B Angular momentum L=rxP and L=I x omega ?

AngularMomentumInCM-300x167.png


When do we use L=r x P and L=I x Omega (angular velocity)?

in old 8.01x - Lect 24, I pasted here link of the lecture, which will take you at exact time (at 27:02)he says "spin angular momentum" in classical physics lecture and why? I expected to hear "angular momentum" vector.


Normally, "spin angular momentum" we deal with it in quantum mechanics.

So, how should I understand this correctly when to use L with moment of inertia or when to use L with r x P? I know both dimensionally equal.

My current understanding is that, I would use L with moment of inertia, when I see object spinning with mass isolated itself with different 3d solid or hollow geometry. Since we have each formula for respective moment of inertia.

I would use L= r x P when I see planetary motion in orbits objects separated by distance "r" or to prove Kepler's second law.

Can we independently take different vectors using right hand rule (individually) and combine actual direction of torque, angular momentum, etc into one diagram of cross products ? This combination in itself is a new vector perpendicular to plane of two vectors (taken from right hand rule) ? although they do not form a formula in combination ?
 

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Well, there are at least four theorems about angular momentum.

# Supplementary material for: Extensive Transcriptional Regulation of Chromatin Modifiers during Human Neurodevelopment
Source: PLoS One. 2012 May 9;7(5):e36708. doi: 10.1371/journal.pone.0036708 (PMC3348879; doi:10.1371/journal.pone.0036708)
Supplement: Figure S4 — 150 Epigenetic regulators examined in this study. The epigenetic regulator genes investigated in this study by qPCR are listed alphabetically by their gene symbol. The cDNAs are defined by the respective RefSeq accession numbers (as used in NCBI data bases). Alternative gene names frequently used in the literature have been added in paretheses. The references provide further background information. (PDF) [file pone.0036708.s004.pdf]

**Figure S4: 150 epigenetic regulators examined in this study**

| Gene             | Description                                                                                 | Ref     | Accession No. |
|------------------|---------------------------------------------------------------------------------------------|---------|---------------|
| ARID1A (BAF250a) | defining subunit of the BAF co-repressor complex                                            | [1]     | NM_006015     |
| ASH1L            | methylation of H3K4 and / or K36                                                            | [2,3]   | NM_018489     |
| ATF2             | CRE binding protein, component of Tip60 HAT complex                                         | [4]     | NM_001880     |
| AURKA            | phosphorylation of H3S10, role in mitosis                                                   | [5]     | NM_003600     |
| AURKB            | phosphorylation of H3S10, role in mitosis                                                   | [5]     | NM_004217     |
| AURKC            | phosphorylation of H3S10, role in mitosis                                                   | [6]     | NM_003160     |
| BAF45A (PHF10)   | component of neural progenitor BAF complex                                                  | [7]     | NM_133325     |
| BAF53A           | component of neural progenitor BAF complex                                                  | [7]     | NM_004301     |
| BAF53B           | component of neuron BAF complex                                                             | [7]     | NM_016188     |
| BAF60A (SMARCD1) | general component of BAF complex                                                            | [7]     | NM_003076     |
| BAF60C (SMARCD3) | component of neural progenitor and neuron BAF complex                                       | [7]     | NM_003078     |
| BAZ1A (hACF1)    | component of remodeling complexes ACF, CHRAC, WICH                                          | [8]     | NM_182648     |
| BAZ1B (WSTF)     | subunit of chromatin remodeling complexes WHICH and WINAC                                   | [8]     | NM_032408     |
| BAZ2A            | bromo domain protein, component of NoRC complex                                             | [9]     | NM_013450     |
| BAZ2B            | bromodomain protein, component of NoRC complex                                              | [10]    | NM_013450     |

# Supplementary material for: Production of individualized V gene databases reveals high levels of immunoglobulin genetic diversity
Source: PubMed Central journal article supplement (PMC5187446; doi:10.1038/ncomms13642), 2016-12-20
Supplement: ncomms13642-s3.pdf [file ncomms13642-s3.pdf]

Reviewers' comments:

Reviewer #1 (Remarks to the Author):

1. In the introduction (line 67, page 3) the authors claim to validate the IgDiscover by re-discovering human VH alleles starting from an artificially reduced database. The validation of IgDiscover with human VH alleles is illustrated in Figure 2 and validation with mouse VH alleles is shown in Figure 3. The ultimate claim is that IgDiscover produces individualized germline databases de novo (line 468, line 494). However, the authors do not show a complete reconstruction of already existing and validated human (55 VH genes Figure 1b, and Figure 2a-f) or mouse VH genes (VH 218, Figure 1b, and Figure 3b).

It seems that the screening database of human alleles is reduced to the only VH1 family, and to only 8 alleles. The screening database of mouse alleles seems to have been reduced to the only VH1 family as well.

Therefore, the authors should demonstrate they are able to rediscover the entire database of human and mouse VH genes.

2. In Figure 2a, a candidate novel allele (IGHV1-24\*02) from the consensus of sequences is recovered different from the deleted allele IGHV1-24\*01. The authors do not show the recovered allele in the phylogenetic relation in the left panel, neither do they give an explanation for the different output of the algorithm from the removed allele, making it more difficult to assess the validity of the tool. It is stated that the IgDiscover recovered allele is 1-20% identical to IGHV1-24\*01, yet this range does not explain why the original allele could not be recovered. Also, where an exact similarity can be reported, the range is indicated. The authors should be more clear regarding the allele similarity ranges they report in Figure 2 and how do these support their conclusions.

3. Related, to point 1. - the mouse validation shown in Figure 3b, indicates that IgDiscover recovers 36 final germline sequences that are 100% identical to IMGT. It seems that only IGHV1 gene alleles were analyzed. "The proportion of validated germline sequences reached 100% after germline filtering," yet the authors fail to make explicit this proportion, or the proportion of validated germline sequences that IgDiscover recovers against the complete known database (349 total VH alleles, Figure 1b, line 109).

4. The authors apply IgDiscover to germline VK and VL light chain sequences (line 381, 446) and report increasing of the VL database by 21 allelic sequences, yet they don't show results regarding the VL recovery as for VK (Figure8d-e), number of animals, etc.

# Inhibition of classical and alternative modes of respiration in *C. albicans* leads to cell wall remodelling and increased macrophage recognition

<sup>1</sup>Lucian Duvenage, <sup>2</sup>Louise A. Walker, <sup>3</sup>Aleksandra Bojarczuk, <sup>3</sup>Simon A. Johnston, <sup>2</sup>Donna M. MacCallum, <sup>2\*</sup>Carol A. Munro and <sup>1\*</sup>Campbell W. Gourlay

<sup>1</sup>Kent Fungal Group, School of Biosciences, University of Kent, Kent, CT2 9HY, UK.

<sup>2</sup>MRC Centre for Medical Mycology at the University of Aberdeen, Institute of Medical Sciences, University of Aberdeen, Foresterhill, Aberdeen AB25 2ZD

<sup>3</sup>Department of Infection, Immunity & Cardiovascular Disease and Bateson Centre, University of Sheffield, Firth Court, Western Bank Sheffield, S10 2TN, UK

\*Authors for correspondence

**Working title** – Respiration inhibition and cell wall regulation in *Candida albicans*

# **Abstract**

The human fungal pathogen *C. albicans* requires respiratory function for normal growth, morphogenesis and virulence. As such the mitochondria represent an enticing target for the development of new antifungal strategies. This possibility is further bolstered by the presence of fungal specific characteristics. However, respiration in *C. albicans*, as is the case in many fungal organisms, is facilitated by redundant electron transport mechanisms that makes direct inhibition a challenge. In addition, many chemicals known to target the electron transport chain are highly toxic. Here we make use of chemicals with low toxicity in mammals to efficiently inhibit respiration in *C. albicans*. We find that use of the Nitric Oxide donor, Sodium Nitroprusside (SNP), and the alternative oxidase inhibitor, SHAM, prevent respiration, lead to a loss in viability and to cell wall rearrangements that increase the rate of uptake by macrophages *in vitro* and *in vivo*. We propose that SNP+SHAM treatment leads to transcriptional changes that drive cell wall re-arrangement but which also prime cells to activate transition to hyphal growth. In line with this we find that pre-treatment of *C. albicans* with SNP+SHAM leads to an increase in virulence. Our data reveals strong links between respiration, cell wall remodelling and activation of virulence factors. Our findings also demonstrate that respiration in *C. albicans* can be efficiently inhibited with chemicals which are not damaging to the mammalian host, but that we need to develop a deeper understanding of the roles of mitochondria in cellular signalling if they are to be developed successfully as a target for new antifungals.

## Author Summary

Let ##O\boldsymbol e_x\boldsymbol e_y\boldsymbol e_z## be an inertial frame and let ##A_1,\ldots,A_N## be a system of mass points with masses ##m_1,\ldots, m_N##.
Assume also that ##\boldsymbol F_k## is an external force that applied to the point ##A_k##. Then
$$\boldsymbol L_0=\sum_{i=1}^Nm_i\boldsymbol{OA}_i\times \boldsymbol v_i;\quad \boldsymbol\tau_0=\sum_{i=1}^N\boldsymbol{OA}_i\times\boldsymbol F_i$$
and $$ \frac{d}{dt}\boldsymbol L_O= \boldsymbol\tau_O\qquad (1).$$
By ##S## denote a center of mass of this system. Let ##S\boldsymbol e_x\boldsymbol e_y\boldsymbol e_z## be a moving coordinate frame
that have ##S## as the origin and does not rotate. By ##\boldsymbol v_i^r## denote a velocity of the point ##A_i## relative to ##S\boldsymbol e_x\boldsymbol e_y\boldsymbol e_z##.

Then
$$\boldsymbol L_O=m\boldsymbol{OS}\times \boldsymbol v_S+\boldsymbol L_*,\quad \boldsymbol L_*=\sum_{i=1}^Nm_i\boldsymbol{SA}_i\times \boldsymbol v_i^r,\quad m=\sum_{i=1}^Nm_i;$$
and
$$ \frac{d}{dt}\boldsymbol L_*= \boldsymbol\tau_*,\quad \boldsymbol\tau_*=\sum_{i=1}^N\boldsymbol{SA}_i\times\boldsymbol F_i.\qquad (2)$$

If the system of mass points ##A_1,\ldots,A_N## forms a rigid body with fixed point ##O## then formula (1) remains valid with ##\boldsymbol L_O=J_O\boldsymbol\omega,## where ##J_O## is the inertia operator about the point ##O##. ##\boldsymbol\omega## is rigid body's angular velocity. The following formula is also true
$$\frac{d}{dt}\boldsymbol L_O=J_O\frac{d}{dt}\boldsymbol{\omega}+\boldsymbol\omega\times J_O\boldsymbol\omega.$$
For general motion of the rigid body formula (2) is used with
$$\boldsymbol L_*=J_S\boldsymbol\omega,$$
and $$\frac{d}{dt}\boldsymbol L_*=J_S\frac{d}{dt}\boldsymbol{\omega}+\boldsymbol\omega\times J_S\boldsymbol\omega.$$
 
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